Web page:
EASY MENU

Sexuality is an important part of the overall wellness of all people.

INTRODUCTION TO SEXUALITY AND HIGH RISK YOUTH

The Canadian Guidelines for Sexual Health Education emphasizes that all Canadians have a right to accessible sexuality education (PHAC, 2008). “The majority of youth receive sexual health education in school and in their homes. However, for youth who are living on the streets and who have dropped out or been expelled from school, there is often no access to broadly based sexual health education” (p. 10). This places these youth at risk for poor sexual health outcomes.

Sexuality is an important part of the overall wellness of all people.

Sexuality is not just sexual intercourse or sexual activity. Sexuality includes:

 

  • Gender roles, identities and sexual orientation.
  • Body image.
  • Relationships with others.
  • How we grow and change over the years.
  • How we reproduce.
  • Personality, communication, expression, and values.

For more information about what sexuality is, see the Sexuality Wheel.

Canadian research shows that:

  • Street-involved youth have high rates of sexual activity.

In a 2010 Edmonton study of street-involved youth, 98.5% of youth ages 15-24, had sexual intercourse at least once (Alberta Health Services, 2011).

 

Whereas according to the 2009/2010 Canadian Community Health Survey, 66% of mainstream youth aged 15-24 had sexual intercourse at least one time (Rotermann, 2012).

99%
street-involved youth aged 15-24

had sexual intercourse at least once

66%
mainstream youth aged 15-24

had sexual intercourse at least once

  • Street-involved youth begin sexual activity at an early age and have multiple sexual partners.

In one Canadian study, the average age of first intercourse among street youth was 14 years.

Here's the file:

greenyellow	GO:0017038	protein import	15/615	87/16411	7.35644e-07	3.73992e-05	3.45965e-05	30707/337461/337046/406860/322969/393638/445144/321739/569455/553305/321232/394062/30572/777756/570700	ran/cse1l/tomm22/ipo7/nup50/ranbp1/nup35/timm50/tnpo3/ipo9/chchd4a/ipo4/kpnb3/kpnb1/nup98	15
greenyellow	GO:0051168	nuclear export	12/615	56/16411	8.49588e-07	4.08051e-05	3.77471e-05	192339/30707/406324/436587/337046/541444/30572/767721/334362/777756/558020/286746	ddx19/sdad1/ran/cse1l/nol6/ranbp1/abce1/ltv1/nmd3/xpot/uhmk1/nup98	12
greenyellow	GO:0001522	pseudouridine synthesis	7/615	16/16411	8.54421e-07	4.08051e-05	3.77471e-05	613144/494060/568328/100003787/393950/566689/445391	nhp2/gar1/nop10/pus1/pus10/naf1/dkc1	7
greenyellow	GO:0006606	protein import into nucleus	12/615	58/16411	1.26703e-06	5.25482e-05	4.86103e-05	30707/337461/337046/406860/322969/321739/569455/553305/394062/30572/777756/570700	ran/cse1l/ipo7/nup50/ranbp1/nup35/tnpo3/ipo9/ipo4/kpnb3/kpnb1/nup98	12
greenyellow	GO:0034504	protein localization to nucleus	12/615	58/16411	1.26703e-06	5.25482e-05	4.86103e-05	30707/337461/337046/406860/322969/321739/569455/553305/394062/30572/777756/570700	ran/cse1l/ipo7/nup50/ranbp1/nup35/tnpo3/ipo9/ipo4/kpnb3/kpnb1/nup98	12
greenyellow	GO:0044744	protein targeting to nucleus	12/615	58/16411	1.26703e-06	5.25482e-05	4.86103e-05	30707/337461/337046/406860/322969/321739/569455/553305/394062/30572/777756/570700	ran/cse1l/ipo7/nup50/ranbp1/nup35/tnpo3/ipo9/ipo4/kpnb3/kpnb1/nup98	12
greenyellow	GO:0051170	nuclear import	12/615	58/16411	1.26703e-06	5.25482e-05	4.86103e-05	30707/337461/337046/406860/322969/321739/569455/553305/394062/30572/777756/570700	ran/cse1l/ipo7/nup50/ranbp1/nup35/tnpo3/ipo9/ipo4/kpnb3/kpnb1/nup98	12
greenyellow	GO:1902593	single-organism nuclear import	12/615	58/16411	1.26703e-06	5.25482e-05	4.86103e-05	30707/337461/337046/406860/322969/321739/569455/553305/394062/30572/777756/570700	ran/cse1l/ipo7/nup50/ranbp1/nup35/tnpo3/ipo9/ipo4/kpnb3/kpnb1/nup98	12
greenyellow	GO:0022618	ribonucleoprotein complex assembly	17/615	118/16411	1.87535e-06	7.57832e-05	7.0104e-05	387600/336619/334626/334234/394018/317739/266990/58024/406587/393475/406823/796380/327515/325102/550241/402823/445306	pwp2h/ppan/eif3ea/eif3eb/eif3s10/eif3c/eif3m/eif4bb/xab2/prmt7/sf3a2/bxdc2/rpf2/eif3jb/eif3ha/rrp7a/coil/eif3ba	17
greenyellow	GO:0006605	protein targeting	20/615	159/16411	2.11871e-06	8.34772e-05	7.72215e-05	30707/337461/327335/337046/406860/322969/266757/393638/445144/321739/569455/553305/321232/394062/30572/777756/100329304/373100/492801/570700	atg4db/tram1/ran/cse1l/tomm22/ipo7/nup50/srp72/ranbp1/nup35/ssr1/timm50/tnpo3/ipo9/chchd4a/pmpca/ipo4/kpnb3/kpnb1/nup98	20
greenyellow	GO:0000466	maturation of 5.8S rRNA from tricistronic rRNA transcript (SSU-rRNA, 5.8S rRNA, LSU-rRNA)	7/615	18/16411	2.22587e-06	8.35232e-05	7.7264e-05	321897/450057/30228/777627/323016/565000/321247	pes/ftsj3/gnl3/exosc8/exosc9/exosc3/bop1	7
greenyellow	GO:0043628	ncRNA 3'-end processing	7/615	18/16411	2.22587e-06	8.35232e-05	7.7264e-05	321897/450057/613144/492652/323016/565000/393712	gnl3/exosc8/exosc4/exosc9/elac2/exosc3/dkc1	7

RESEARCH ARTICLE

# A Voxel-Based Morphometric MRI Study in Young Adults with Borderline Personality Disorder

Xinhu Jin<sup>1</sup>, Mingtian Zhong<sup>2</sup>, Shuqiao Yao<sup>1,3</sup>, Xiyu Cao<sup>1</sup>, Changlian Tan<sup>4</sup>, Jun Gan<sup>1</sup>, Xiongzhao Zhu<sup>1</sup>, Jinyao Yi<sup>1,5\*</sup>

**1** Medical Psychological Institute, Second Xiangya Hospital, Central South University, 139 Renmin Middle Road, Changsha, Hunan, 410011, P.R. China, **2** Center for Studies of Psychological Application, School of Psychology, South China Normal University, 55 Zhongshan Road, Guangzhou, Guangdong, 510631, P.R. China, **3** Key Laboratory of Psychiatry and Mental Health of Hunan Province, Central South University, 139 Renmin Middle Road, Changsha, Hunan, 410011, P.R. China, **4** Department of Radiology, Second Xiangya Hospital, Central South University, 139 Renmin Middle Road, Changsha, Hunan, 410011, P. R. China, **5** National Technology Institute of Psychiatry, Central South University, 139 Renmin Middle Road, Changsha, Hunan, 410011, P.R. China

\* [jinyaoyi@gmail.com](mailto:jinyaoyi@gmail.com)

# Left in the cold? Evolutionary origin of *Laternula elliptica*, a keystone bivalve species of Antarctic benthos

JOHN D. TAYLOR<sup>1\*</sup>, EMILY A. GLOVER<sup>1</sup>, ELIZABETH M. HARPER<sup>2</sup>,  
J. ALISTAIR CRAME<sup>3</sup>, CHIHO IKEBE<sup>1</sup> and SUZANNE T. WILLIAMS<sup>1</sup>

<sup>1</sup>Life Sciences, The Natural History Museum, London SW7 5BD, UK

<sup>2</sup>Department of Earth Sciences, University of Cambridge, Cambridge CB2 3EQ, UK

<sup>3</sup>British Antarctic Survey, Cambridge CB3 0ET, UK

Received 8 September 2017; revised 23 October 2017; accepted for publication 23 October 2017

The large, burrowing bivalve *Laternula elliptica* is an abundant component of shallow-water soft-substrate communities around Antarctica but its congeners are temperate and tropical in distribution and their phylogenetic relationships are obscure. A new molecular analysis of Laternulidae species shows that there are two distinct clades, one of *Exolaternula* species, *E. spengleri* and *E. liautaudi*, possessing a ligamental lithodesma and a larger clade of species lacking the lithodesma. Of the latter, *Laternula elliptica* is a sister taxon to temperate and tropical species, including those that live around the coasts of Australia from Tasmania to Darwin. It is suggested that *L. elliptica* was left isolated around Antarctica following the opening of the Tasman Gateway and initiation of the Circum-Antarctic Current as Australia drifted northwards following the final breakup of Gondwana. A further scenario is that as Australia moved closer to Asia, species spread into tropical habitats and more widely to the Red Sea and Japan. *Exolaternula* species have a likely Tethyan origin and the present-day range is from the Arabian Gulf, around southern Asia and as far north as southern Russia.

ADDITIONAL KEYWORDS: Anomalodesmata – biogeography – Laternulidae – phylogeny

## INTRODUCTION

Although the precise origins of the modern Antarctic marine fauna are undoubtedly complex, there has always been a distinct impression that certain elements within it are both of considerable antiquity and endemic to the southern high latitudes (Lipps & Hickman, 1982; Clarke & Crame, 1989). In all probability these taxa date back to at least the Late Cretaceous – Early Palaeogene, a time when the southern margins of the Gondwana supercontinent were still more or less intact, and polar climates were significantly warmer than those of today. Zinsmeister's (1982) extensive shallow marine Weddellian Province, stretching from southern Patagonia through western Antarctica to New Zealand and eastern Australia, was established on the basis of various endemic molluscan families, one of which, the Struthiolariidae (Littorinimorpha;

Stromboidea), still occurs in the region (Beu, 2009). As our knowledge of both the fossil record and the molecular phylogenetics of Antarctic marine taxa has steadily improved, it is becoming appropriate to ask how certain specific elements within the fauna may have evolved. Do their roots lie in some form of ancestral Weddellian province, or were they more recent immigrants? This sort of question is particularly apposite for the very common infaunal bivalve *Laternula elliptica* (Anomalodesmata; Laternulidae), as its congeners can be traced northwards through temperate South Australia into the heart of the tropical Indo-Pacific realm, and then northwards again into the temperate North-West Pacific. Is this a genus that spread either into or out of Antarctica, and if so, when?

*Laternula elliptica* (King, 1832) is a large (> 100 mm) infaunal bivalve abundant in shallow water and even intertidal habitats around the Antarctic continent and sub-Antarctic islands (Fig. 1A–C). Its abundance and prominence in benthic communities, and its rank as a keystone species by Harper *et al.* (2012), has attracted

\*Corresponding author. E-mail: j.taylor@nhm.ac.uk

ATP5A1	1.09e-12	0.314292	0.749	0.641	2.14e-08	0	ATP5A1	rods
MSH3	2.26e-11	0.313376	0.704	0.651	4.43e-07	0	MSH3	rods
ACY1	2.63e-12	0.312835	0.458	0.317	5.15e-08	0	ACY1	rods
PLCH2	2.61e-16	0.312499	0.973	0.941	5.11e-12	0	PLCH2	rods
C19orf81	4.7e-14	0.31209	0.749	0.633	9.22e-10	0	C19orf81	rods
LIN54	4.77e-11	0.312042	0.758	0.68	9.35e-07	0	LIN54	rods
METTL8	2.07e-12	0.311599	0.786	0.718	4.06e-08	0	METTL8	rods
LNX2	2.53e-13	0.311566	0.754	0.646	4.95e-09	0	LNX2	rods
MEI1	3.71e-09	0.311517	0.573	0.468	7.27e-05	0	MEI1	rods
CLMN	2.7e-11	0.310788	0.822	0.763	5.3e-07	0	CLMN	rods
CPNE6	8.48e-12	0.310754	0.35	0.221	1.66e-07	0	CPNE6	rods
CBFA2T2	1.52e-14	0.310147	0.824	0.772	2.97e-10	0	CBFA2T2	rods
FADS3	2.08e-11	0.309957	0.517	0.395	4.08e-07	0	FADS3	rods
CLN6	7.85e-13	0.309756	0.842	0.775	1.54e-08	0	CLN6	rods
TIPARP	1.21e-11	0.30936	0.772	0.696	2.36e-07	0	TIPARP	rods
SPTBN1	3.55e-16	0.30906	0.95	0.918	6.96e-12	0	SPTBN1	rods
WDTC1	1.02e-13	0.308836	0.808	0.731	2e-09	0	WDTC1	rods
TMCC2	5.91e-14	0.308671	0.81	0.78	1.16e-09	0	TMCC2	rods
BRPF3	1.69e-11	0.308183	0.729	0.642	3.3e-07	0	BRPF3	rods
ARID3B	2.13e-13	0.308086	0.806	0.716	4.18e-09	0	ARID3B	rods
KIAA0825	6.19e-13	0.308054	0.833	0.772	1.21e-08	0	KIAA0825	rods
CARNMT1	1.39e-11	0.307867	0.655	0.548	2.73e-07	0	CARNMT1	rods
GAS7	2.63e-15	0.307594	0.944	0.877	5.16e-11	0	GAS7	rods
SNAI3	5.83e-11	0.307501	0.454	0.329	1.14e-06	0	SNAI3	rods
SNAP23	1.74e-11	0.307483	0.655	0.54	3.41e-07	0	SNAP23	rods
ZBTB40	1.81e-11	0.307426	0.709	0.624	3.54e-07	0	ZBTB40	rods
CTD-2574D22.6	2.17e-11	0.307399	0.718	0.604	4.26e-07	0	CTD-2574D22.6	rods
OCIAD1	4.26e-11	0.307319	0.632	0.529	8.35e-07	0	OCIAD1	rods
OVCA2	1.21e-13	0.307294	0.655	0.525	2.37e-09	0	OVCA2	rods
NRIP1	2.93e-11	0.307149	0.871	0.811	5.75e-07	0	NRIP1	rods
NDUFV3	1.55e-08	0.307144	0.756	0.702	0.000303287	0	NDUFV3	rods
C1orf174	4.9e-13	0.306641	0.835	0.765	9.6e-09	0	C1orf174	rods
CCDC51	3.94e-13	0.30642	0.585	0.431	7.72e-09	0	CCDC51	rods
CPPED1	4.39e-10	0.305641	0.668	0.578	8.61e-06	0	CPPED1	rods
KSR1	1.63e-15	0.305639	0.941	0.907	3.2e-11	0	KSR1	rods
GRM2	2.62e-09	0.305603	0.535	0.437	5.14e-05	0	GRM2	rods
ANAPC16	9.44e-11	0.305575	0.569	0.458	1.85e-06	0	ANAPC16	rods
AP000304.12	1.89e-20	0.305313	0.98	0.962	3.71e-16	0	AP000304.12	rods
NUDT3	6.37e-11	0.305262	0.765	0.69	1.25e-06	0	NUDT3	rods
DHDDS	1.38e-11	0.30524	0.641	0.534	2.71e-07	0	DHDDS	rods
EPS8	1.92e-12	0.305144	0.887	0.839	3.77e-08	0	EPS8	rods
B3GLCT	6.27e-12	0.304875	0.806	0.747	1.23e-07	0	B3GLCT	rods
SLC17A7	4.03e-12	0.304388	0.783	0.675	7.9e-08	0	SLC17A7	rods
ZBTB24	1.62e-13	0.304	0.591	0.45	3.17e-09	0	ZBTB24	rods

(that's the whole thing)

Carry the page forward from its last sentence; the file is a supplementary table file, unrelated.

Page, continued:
Also, male street involved youth reported an average of 18-45 lifetime sex partners while females reported an average of 4-21 (PHAC, 2006).
  • Street-involved youth are at risk for STIs.

In a 2010 study of Edmonton street-involved youth ages 15-24,

12.7% tested positive for chlamydia, and 2.0% tested positive for gonorrhea (Alberta Health Services, 2011).

Whereas in 2010,

about 1.6% of all Albertan youth ages 15-24 years tested positive for chlamydia and 0.1% tested positive for gonorrhea (Lokanc-Diluzio, 2014).

  • Street-involved youth are at risk for pregnancy.

43%
Female street-involved youth

who had ever been pregnant

In an Edmonton study of street-involved youth ages 15-24, 43% of the females had ever been pregnant.

  • Street-involved youth do not always use condoms during sexual activity.

In an Edmonton study of street-involved youth ages 15-24, 57% used a condom during their last vaginal sex, 22% used a condom during their last oral sex, and 51% used a condom during their last anal sex (Alberta Health Services, 2011).

used condoms during last vaginal sex0%
used condoms during last oral sex0%
used condoms during last anal sex0%

Whereas according to the 2009/2010 Canadian Community Health Survey, 67.9% of mainstream youth aged 15-24 used condoms during their last sexual intercourse (Rotermann, 2012).

used condoms during last intercourse0%
  • Street-involved youth are sometimes involved in the sex trade.

In an Edmonton study, 27% of females and 2.5% of males reported having sex trade involvement at some point (Alberta Health Services, 2011).

27%
female street-involved youth

having sex trade involvement at some point

2.5%
male street-involved youth

having sex trade involvement at some point

It is important for service providers working with high risk youth to provide ongoing sexuality education and support.


 

Good

to

know:

 


Even though high risk youth such as street-involved youth face many challenges, they have several strengths and are hopeful for a better life. It is important to acknowledge and build upon the strengths of these youth (Lokanc-Diluzio, 2014).  In a study of street-involved youth and their service providers (Lokanc-Diluzio, 2014), one youth said,

 

“It’s true, you learn a lot about yourself; your strengths and weaknesses when it comes to depending on yourself… I noticed that I learned a lot about myself when I was homeless because it puts you to the test. It’s like… are you gonna live or [are] you gonna starve or [are] you gonna ask for help? What are you gonna do? …You learn a lot depending on what choice you make…” – Jade, Youth

WHY DEVELOP TASCC?